"But one of the things that was kind of interesting was that the immune system was also homogenised and this lead us to worry and speculate that perhaps the cheetah's genetic situation would make it er sort of more vulnerable for any infectious disease that might drop into the species. Because genetic diversity itself among the immune system is basically something that is adaptive and keeps individual populations alive when pathogens overcome the defences of the first individual. That's sort of the traditional wisdom as it were. Well no sooner had we speculated it when we saw a realisation of this horrific prediction at a wildlife park which up at that time in the early 1980s was perhaps the most successful cheetah breeding organisation in North America."

He then told the story of how two cheetahs called Tamu and Saba were brought from Sacramento to the wildlife park and started an epidemic. They were quarantined but "they had a fever and they had little twitches and they were looking a little bit jaundiced and eventually in spite of aggressive symptomatic therapy by the veterinary clinicians on site at the place the animals would collapse dehydrated and pass away. At the necropsy which is a veterinary term for autopsy their bellies were opened up and it was filled with this milky proteinaceous fluid. And this was something that the clinicians recognised because they had seen it before in other cats, particularly domestic cats as a symptom of a disease called feline infectious peritonitis Feline infectious peritonitis is caused by a corona virus, the first cousin of the of the SARS virus but distant enough and what it does is it generates a hyper-immune reaction which accumulates immunoglobulin complexes in the peritoneum this milky fluid and strangulates the tissues and the animals die."

CCR5 delta 32

Towards the end of his talk, O'Brien said, "Now a few years ago there was a paper published from a group which hasn't been repeated but uh it was an interesting result. These workers were wondering whether our hypothesis was full or wet or true so they took mice which are hyper susceptible to Yersinia and they made knockouts that is they eliminate CCR5 so they had the equivalent of a delta 32 homozygote mouse strain and a wild type strain and they infected it with Yersinia pestis. And they quantified how much infection they got with or without CCR5 and the answer was that Yersinia pestis requires CCR5 to get into these cells. That's what they reported. Photograph is taken right out of the Nature letter.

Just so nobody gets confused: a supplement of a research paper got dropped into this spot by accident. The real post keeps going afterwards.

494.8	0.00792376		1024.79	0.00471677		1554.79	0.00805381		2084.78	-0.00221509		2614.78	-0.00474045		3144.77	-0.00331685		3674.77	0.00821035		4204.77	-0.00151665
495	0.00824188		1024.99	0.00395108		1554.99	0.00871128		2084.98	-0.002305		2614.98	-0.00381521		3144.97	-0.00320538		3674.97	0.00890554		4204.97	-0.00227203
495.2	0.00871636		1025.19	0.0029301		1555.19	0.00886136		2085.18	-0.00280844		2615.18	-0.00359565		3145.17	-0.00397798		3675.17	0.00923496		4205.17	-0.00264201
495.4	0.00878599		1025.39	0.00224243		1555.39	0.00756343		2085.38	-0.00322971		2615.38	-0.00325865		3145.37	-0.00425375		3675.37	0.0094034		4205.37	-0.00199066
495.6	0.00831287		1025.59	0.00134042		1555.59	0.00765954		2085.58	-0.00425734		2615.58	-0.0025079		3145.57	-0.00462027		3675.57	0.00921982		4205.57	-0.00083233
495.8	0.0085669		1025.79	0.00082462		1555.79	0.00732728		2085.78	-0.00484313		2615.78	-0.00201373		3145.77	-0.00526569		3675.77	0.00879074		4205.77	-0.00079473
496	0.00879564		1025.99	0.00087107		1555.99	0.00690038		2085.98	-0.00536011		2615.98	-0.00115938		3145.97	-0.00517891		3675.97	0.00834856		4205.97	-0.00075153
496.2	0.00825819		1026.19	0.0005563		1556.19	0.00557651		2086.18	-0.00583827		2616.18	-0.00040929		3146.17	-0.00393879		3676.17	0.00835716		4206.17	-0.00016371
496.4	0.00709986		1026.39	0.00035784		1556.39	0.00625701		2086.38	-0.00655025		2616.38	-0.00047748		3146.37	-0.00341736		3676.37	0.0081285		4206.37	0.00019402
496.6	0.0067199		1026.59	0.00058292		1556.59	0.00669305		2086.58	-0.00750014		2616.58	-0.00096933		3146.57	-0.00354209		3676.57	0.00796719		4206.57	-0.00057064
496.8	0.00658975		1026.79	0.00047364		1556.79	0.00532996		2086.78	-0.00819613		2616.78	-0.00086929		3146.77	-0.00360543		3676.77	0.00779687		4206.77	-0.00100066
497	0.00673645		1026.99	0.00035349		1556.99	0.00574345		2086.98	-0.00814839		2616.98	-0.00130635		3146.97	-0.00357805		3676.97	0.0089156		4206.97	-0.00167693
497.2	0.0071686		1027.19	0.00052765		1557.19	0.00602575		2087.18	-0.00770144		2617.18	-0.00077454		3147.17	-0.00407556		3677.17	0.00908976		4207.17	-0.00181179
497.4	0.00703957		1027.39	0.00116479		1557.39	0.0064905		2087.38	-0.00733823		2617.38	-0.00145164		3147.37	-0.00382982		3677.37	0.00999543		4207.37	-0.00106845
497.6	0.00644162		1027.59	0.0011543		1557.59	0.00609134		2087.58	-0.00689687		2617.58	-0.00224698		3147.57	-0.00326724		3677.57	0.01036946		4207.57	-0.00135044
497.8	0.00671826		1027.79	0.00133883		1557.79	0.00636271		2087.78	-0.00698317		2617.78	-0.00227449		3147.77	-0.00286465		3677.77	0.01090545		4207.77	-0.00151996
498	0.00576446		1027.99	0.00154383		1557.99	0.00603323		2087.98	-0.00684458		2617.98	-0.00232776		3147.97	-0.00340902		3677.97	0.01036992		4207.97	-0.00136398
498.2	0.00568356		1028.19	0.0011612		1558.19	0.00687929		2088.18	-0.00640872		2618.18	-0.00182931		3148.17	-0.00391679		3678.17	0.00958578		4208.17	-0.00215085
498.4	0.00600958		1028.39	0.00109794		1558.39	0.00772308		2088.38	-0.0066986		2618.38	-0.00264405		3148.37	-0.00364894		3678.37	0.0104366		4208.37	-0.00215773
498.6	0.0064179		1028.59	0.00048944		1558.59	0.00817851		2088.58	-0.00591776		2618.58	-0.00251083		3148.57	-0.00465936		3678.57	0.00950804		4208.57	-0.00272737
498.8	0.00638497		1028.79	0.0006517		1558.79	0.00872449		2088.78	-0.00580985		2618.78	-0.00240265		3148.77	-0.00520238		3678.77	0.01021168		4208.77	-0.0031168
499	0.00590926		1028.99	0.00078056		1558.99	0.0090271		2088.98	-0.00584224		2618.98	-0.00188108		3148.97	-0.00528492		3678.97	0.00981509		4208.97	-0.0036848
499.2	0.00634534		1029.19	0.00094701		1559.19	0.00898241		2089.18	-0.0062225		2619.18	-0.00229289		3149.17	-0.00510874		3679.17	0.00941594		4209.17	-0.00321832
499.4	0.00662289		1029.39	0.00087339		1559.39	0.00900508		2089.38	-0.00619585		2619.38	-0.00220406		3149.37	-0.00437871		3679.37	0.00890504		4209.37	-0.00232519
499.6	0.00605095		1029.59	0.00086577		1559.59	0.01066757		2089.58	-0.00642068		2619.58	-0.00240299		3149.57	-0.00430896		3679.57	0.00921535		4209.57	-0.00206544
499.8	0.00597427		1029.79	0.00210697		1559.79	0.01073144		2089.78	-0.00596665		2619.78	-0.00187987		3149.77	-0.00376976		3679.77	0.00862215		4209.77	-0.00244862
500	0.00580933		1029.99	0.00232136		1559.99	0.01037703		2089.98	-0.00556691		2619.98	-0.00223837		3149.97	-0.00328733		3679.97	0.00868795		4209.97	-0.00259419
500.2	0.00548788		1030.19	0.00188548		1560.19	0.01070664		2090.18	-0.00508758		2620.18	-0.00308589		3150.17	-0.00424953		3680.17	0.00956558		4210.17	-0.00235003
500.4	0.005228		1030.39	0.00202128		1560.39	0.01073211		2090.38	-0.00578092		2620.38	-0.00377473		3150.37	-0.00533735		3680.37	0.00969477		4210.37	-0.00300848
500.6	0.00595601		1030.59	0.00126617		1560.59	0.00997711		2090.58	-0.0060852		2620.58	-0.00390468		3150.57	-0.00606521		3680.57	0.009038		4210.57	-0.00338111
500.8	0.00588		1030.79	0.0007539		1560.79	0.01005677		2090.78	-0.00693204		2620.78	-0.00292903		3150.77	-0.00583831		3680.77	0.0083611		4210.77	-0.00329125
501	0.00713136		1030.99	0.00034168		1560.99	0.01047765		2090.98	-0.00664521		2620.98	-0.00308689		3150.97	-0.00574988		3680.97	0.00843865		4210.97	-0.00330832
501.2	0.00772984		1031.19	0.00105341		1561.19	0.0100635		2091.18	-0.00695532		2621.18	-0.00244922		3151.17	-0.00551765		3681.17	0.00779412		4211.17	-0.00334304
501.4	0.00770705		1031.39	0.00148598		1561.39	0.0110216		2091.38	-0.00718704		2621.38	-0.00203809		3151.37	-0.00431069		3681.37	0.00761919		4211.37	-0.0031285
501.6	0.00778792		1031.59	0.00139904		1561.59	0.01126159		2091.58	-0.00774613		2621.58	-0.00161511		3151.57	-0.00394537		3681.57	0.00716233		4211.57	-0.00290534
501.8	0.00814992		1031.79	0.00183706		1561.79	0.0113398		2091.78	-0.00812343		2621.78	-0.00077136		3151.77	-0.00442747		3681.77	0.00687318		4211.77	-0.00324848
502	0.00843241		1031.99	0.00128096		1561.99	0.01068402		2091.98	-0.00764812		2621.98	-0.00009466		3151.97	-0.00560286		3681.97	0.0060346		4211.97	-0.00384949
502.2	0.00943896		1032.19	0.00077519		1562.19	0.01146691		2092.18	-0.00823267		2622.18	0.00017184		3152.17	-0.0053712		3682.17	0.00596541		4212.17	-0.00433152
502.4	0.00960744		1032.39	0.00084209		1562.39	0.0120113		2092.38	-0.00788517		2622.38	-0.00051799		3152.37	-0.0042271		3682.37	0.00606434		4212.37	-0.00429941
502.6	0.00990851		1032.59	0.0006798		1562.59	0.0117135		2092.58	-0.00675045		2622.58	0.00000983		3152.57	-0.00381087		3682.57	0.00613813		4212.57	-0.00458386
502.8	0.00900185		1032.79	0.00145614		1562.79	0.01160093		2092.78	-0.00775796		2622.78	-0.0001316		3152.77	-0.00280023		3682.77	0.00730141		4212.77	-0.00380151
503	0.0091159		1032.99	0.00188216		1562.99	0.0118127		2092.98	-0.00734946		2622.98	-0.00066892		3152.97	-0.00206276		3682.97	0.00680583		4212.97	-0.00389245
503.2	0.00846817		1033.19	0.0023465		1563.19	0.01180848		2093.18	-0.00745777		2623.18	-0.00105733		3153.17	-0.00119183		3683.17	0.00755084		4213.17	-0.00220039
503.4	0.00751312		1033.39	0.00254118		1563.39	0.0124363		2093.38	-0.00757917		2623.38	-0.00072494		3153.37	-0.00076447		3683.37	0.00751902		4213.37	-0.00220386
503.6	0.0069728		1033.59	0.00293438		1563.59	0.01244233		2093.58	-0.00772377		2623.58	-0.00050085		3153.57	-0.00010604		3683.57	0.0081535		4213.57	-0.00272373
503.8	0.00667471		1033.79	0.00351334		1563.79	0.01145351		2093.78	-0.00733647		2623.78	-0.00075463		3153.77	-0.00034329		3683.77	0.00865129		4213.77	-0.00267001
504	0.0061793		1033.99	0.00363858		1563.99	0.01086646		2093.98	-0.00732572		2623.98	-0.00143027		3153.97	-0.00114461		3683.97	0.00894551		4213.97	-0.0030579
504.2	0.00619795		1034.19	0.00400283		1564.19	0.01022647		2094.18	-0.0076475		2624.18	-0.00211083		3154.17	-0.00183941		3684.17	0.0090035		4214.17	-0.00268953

"Monty Slatkin a good friend of mine from Berkeley did some mathematical calculations and modelling and says it can't be Yersinia there wasn't enough mortality. I said are you kidding? Course there was enough mortality. He said I think it was smallpox. Smallpox how are we going to test that? This was back at the time where smallpox was being extirpated completely - completely - by the world health organisations Then along came 911. That time there were biological anthrax mailers that killed several people in the United States and all of a sudden people became a little bit more worried about bio-terrorism and deadly diseases. The two places in the world where smallpox was housed was in Russia at our centre and at CDC in Atlanta Georgia. I was working at the NIH, was housed on Fort Detrick which is has a history of being a centre of excellence for biological warfare well that's stopped but some of those guys are still there. So I found them and I says you know can we test smallpox to see whether or not it requires CCR5. If I get you blood samples from people with alternative genotypes can we infect them? He says we couldn't do this before he says but I think I can get permission. So we did. So we did the experiment and we exposed human cells to Yersinia Pes er to smallpox and here's what we found. Basically we found that the difference between the wild type, the heterozygous and the homozygous was indistinguishable. Smallpox gets into cells it doesn't care what the delta 32 genotype is.

After recapitulating some facts about CCR5 he continued: "So...we need to do the same experiment with Yersinia on human cells. We're trying to arrange it. We found some guys in Russia who worked in these spooky things and they are willing to do the experiment so we'll see what happens. Stay tuned."